This post is a part of our weekly International Voices column, writing by UT students, for UT students. Enjoy!
Have you ever been in a situation where your heart is pounding and you have a ton on your mind? That is part of the unfortunate day in a student’s life, called exam days. The other day I was thinking about the many hours I have spent in my life sitting in a desk taking a test. I don’t remember the exact number, but a lot of hours were spent demonstrating my ability in mastering the subject materials. Among all that numerous tests, and all the long sleepless nights it all came down to two tests: The GRE and PhD qualifying exam.
Reporting the GRE score is a general requirement for PhD admissions to most, if not all universities. GRE exam tests for two major skills: verbal and numerical skills. I believe many of you would agree that for the international students, verbal is the most difficult hurdle to jump over. The first step in GRE exam preparation is the conglomeration of an exhaustive list of academic words that are less commonly used in general discussions. These words are very complex and hard to fully understand. In addition to mastering a long list of vocabulary, I found it useful to read articles from diverse sources. After a short preparation of 8 weeks, I decided to take the step forward and face GRE. It was early November, 2009. The GRE seemed a lengthy exam to me and it was very challenging to stay focused for the entire duration of the exam and score well. Getting a good score is very important as the score plays an important role in the evaluation process of an international students’ application material to U.S. universities.
After joining the PhD program, it felt to me that I went through all the troubles of getting through the GRE only to see the main event: the PhD qualifying exam. The PhD qualifying exam is the exam to demonstrate your core knowledge in the subject area you want to pursue your PhD in. Looking at the bright side, you don’t have to score an A in this exam, there are only two grades: Pass or Fail. Every university, even individual program within the same university has a unique format for this examination. To aid the prospective PhD students, I would write about the format we follow at UT EWRE. In our program, the exam is 180 minutes. You are handed total four questions from four professors on their chosen subject area. It is a closed book exam and you have 90 minutes to prepare your answers. After the 90 minutes, the professors enter the room and you have to give a presentation of your work to the professors, defending your answers in case they raise further concern. This style of examination ensures two things: first, the student understands the topic and that his/her answers are on the basis of scientiﬁc/engineering principles, not just solving the problems and crunching numbers; and second, the student is quick witted enough and can think on his/her feet. The hardest part of the exam in my opinion was to dodge the rebound questions from the professors in response to my answers.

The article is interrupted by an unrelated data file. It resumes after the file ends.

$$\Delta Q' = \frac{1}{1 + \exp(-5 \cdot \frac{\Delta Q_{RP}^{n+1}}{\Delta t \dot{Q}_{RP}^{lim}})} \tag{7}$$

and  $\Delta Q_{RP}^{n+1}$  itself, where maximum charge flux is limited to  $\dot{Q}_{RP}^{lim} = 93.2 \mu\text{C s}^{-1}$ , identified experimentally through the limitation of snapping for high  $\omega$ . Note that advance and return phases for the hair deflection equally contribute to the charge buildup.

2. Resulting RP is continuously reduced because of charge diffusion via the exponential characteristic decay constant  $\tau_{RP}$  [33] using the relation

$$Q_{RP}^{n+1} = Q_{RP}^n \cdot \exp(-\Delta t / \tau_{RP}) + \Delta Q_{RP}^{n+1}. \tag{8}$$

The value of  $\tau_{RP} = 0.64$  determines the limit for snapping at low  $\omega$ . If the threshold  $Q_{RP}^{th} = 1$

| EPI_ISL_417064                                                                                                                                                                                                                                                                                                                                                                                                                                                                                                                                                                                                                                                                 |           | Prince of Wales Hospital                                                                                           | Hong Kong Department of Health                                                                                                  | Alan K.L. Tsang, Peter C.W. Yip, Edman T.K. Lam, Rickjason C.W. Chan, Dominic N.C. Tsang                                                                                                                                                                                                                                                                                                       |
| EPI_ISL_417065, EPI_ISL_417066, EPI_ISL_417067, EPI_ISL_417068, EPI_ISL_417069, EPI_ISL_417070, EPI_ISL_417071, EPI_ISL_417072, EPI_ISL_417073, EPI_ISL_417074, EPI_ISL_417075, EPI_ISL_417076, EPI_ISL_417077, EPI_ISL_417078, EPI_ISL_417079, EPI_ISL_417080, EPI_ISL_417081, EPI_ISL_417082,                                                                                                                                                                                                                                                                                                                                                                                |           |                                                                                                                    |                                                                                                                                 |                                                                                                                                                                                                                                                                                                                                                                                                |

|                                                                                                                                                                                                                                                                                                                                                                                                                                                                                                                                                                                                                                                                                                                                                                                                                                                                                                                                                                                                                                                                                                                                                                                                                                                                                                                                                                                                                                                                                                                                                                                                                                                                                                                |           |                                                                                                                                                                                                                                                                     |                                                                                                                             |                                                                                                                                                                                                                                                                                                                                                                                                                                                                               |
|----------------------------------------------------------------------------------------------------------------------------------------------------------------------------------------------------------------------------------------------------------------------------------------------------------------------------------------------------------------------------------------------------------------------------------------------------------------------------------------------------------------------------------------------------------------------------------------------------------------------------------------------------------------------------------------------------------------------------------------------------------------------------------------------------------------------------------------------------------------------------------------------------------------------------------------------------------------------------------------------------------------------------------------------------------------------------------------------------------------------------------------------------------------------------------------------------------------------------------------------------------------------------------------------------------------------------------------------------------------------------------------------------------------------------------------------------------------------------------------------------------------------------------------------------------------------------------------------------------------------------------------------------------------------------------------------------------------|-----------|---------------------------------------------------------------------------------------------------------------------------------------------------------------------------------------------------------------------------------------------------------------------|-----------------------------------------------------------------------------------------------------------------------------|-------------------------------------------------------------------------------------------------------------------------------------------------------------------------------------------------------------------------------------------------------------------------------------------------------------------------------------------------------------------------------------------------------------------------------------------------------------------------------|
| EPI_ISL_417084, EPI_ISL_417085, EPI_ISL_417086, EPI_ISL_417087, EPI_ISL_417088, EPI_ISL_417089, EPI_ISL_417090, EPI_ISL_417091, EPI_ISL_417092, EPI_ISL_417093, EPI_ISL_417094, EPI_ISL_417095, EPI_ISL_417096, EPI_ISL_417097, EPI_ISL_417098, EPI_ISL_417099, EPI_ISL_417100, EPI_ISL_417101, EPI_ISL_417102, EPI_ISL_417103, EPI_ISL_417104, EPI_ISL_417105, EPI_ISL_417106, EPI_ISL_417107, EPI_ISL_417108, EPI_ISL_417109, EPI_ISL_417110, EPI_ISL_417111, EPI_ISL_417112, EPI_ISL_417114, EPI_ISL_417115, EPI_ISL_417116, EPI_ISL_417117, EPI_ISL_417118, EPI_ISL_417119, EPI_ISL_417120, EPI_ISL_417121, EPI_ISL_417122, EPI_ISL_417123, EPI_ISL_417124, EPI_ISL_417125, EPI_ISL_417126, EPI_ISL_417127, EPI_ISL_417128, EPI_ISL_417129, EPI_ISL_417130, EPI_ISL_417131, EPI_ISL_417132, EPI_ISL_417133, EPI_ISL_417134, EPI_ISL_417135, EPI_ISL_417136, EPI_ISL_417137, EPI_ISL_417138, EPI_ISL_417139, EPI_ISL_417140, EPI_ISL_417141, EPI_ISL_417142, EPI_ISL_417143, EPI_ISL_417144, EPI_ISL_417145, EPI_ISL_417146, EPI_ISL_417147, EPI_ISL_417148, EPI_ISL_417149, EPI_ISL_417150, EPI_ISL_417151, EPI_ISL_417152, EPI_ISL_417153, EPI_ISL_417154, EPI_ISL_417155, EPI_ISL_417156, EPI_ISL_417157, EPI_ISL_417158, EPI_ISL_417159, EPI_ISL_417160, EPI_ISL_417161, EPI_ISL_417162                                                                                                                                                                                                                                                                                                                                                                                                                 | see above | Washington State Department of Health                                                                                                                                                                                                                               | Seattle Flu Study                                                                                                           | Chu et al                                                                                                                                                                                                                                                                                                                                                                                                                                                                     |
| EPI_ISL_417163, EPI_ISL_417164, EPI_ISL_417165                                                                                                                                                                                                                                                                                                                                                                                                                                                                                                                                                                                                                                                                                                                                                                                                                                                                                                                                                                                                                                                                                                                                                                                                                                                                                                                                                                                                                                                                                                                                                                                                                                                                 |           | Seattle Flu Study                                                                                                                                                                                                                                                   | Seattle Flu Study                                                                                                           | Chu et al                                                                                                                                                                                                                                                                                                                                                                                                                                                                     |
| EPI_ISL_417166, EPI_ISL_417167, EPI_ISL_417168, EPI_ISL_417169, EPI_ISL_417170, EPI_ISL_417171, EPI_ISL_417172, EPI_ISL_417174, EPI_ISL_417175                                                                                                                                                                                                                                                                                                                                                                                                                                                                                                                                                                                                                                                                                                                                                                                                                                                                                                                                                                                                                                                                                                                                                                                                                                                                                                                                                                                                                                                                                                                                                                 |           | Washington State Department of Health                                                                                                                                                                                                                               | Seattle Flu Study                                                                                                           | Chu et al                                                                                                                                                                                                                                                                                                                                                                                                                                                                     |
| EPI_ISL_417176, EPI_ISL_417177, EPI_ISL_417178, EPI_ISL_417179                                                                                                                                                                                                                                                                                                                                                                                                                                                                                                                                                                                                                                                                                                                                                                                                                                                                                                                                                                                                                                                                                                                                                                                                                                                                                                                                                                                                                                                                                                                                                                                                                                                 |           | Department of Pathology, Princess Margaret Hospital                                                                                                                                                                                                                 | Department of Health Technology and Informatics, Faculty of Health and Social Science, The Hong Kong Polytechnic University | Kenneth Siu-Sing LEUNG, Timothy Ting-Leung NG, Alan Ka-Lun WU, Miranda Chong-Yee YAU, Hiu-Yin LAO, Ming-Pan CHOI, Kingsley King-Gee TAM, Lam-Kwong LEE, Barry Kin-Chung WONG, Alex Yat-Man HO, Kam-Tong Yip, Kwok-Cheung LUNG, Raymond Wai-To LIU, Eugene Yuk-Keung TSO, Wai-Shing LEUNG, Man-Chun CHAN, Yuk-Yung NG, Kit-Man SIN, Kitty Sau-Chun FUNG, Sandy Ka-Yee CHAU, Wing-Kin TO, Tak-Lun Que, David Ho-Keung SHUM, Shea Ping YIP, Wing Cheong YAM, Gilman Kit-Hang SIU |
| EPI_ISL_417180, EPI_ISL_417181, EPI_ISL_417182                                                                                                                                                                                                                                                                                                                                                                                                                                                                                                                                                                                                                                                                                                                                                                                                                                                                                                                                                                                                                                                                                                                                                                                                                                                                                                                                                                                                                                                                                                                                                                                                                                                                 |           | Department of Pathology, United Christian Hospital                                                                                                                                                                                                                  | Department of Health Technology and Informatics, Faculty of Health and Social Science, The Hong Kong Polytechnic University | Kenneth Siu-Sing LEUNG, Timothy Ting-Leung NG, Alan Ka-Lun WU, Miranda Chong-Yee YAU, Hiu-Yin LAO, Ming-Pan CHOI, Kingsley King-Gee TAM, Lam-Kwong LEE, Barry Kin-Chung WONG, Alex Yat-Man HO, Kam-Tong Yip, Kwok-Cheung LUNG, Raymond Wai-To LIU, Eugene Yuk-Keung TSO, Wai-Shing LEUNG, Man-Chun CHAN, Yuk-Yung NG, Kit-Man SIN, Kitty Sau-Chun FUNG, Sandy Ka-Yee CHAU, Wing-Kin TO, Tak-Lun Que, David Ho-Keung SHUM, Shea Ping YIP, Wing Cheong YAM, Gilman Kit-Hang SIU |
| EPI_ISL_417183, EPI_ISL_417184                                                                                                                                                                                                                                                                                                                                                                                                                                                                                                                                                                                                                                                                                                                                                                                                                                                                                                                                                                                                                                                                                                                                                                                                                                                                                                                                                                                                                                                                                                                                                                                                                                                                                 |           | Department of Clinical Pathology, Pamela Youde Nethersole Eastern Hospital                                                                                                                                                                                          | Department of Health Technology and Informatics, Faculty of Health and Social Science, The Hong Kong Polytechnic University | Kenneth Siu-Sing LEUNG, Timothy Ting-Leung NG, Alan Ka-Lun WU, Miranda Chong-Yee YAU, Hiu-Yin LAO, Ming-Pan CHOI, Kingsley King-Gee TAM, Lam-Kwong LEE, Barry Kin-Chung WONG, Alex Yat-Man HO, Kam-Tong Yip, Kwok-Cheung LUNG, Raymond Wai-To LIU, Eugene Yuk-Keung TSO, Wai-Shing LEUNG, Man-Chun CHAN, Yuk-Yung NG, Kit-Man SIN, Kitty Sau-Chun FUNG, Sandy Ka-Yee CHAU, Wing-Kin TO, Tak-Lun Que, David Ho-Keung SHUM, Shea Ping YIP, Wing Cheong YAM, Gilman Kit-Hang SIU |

Studying for any exam requires hard work, but in my mind these two exams stand out. Work and eﬀort necessary to do well may drive you mad. And after you get into the program, you need perseverance as well. PhD’s require extra years, more work, and less sleep. But, those extra years could help you remodel yourself, and change you for the better. Your PhD research could make you feel that you’ve contributed something to the human knowledge. I strongly believe, you don’t just take a degree at the end of your hard work on your PhD: you take the experience, knowledge, and training in the process. If that’s something you are interested in, I assure you every exam, including the two I mentioned above, would be a very good learning experience for you.